Divine Land Grants


Imagined painting by Frans Pourbus the Elder (c. 1565–80) depicting the Israelite’s God showing Moses the Promised Land. Photograph Source: Sailko – CC BY 3.0

When Moses the servant of Yahweh was dead, Yahweh spoke to Joshua son of Nun, Moses adjutant. He said, “Moses my servant is dead; rise—it is time—and cross the Jordan here, you and all this people with you, into the land which I am giving the sons of Israel. Every place you tread with the soles of your feet I shall give you as I declared to Moses that I would. From the wilderness and Lebanon to the great river Euphrates and to the Great Sea westwards, this shall be your territory. As long as you live, no one shall be able to stand in your way: I will be with you as I was with Moses; I will not leave you or desert you.”

– The Book of Joshua, Chapter 1, verses 1-5

The principal deficiency in biblical scholarship currently is its lack of a myth criticism. We have developed historical criticism to a high art, but we have been unable to conceive a critical relation to the stories that undergird our tradition and limit our vision. In the next phase of our work, we must remedy this fundamental deficiency.

– Robert W. Funk, Honest to Jesus, page 309

The disclosure of a myth is deemed academic as long as the myth belongs to somebody else. Recognizing one’s own myth is always much more difficult, if not downright dangerous.

The reason for this is the way myths work their magic. Myths are guardians of cultural identity and work best when taken for granted. Left undisturbed, a myth makes it possible to assume that others agree in advance on the rules that govern the daily round. Should a myth ever be named and questioned, the collective agreements basic to society’s well-being come unglued and people feel unsettled.

– Burton L. Mack, The Lost Gospel, page 237

As a long-time reader of Washington Report on Middle East Affairs, I’ve been struck by that magazine’s bewilderment concerning Israel’s influence on American foreign policy. To be sure, it’s not that Israel has created this influence through shrewd political maneuvering, although its leadership has taken advantage of our persistent and pervasive attention. For besides being a political ally, Israel is the recipient and codependent of American Christian mythological conviction.

This religious conviction and its associated journalistic bewilderment reflect a foundational blind spot that sustains related myths that resist rational scrutiny: the Chosen People- Promised Land and the Right of Christian Discovery. We might say that this is an illustration of Robert Funk’s puzzlement over our collective and even scholarly inability to conceive a critical relation to the myths that undergird our tradition. With Burton Mack, we shall make an effort to explore why we feel so unsettled when our myths are named and questioned. Why does that feel dangerous?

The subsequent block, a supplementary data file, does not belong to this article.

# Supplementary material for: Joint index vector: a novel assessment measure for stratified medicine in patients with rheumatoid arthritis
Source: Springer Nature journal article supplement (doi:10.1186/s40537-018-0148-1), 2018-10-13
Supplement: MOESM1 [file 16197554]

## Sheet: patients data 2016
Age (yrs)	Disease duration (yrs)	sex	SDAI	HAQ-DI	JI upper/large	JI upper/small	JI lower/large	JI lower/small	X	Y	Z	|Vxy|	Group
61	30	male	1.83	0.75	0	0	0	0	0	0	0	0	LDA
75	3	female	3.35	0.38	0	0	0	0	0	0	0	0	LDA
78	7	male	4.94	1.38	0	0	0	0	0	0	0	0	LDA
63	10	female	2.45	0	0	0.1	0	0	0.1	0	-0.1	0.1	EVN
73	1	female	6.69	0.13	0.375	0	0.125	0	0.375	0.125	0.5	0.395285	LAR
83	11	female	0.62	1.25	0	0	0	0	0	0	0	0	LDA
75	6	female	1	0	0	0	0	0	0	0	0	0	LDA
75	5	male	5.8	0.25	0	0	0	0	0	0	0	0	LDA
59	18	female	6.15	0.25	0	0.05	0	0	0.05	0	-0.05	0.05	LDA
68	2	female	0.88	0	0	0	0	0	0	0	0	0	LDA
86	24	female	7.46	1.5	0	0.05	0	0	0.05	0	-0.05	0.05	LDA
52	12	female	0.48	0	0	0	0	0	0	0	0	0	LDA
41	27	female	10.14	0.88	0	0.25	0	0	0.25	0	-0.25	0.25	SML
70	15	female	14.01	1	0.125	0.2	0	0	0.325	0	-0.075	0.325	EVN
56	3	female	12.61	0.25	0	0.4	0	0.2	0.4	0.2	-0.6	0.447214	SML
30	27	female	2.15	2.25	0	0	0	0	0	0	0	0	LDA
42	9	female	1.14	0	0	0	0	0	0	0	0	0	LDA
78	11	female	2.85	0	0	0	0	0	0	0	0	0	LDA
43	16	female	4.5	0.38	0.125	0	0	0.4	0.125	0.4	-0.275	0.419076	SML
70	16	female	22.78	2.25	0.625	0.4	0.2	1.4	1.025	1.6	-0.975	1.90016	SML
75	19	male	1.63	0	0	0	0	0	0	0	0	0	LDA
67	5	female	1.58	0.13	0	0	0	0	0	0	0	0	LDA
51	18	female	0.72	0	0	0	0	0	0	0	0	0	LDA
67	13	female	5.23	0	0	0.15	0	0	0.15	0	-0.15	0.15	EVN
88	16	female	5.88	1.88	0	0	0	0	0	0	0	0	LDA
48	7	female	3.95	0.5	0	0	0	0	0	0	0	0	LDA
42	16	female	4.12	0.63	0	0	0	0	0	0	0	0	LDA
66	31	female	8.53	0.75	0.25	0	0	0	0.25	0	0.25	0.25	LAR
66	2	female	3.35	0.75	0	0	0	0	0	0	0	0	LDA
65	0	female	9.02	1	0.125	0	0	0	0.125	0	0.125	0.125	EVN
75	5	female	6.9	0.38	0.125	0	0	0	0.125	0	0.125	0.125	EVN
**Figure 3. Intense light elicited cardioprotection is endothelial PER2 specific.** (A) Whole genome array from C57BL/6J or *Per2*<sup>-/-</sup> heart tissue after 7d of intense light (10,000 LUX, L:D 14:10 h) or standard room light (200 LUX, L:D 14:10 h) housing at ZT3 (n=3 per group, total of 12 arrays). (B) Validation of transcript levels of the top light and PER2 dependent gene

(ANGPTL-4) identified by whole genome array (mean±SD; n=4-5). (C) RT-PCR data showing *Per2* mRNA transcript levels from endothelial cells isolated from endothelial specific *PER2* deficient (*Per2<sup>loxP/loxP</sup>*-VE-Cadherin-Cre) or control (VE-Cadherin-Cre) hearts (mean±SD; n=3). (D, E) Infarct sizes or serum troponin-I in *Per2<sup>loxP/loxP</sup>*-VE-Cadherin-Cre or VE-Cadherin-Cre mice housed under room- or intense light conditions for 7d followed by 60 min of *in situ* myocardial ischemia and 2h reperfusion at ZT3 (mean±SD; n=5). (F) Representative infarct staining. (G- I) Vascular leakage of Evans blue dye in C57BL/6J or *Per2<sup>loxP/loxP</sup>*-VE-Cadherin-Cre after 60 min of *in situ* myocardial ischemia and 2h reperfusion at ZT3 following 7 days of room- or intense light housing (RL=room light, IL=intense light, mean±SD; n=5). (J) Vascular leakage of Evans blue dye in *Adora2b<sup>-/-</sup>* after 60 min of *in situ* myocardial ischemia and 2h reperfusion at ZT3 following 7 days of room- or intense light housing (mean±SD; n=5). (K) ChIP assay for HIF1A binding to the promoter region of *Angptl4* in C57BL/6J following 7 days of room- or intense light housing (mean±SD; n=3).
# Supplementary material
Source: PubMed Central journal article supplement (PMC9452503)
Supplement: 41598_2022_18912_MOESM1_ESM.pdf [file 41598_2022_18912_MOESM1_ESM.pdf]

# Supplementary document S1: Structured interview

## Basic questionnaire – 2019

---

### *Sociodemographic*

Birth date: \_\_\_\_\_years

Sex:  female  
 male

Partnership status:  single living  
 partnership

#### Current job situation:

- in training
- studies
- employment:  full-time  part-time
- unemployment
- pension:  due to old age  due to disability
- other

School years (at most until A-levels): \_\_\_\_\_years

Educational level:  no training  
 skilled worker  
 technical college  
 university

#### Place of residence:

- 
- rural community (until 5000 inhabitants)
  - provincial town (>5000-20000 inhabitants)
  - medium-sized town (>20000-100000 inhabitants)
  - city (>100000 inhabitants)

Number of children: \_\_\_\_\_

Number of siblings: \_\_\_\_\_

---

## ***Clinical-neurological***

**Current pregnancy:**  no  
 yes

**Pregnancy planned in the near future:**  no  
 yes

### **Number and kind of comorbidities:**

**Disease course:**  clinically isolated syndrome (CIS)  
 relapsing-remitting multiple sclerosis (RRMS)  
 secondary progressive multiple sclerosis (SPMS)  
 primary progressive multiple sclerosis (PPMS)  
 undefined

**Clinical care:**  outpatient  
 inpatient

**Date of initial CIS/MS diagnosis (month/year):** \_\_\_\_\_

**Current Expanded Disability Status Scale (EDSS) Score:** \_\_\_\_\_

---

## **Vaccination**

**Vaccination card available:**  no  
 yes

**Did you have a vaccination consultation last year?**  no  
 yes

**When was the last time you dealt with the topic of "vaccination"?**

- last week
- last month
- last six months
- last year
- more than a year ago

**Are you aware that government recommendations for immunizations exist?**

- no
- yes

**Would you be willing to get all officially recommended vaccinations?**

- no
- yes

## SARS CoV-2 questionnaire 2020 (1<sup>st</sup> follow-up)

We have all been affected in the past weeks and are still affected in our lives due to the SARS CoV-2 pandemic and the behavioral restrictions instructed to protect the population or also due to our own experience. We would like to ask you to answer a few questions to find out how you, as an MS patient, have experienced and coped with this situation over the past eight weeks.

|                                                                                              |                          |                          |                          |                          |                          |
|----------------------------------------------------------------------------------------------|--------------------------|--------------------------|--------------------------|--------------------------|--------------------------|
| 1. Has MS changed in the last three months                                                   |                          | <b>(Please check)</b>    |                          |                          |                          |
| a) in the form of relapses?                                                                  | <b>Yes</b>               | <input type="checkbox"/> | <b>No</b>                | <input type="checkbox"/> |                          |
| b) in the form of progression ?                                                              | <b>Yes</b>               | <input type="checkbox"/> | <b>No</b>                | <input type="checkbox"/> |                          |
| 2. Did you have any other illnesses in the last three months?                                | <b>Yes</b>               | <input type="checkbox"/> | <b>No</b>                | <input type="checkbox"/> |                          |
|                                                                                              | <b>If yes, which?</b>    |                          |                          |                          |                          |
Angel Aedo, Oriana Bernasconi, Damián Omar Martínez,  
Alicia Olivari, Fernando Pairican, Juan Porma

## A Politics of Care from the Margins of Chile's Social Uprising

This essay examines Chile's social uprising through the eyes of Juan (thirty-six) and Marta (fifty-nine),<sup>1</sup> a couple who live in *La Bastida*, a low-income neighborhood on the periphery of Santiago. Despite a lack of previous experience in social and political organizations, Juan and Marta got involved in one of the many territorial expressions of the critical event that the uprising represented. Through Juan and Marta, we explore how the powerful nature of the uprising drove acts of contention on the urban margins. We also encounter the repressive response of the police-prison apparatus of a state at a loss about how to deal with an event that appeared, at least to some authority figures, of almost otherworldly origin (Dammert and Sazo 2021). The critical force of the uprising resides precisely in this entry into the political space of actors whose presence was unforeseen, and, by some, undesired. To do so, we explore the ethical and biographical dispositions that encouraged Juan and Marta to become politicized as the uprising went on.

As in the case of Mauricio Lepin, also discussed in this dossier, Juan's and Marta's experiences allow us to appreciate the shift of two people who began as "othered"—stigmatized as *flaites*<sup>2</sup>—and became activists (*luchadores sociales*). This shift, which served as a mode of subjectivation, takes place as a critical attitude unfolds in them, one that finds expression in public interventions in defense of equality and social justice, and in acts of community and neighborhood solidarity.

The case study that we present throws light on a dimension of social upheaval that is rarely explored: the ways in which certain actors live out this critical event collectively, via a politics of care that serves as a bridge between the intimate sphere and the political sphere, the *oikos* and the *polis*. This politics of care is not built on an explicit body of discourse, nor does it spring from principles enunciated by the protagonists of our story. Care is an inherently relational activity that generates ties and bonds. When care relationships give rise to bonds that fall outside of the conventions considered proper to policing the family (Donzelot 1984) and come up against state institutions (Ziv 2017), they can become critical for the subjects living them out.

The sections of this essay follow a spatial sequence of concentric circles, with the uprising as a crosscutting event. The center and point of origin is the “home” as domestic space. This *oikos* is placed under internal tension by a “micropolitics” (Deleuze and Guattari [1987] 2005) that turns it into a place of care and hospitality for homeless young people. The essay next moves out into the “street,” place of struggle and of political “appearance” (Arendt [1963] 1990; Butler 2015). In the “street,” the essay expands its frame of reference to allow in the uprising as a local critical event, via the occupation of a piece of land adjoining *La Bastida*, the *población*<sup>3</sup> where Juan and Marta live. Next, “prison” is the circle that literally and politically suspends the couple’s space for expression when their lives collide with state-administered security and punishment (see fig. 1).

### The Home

In his 2008 book Pagans in the Promised Land: Decoding the Doctrine of Christian Discovery, Native American scholar Steven Newcomb discloses the religious etiology of the two myths already named and he reveals their pervasive influence on American law and cultural disposition—that is, the qualitative impact on our cultural consciousness and spiritual condition. He sees the historic template in Genesis 12, where Yahweh says He will give Canaan to the descendants of Abram, a narrative Newcomb calls “the origin of the Chosen People-Promised Land cognitive model”; and he shows how this model has served as “part of the cultural and religious background” for a pivotal U.S. Supreme Court ruling in 1823.

In his Foreword to Newcomb’s volume, Peter d’Errico (Professor Emeritus at the University of Massachusetts-Amherst) deems it “. . . a book to study, not simply to read. It cracks the code that explains the seminal U.S. Supreme Court case Johnson v. M’Intosh, in which ‘Indian occupancy’ and ‘discoverer’s title’ intersected. Newcomb’s analysis of this cornerstone of U.S. law raises the stakes of legal analysis far beyond antiquarian concern for old cases.” And he goes on to say that “Federal Indian law is the lynchpin of property law in the United States,” and that the “religious doctrine in Johnson v. M’Intosh is at the core of federal Indian law and of all property title derived from colonization and ‘discovery.’” In his Preface, Newcomb agrees, saying his book’s main objective is “. . . to focus on and decode the hidden biblical, or, more specifically, Old Testament, background of the Johnson ruling.” Thus, he concludes, “. . . the presumption that the United States has a legitimate right to lay down numerous laws and policies for Indian nations is rooted in an idea expressed by Chief Justice John Marshall in the Johnson ruling: that the . . . first ‘Christian people’ to discover lands inhabited by ‘heathens’ has ultimate dominion over and absolute title to those lands” and that the “presumption that the conqueror has the divine right to seek out and locate ‘new’ lands in order to conquer and subdue them gives rise to the phrase right of discoveryfound in the Johnson v. M’Intosh ruling.”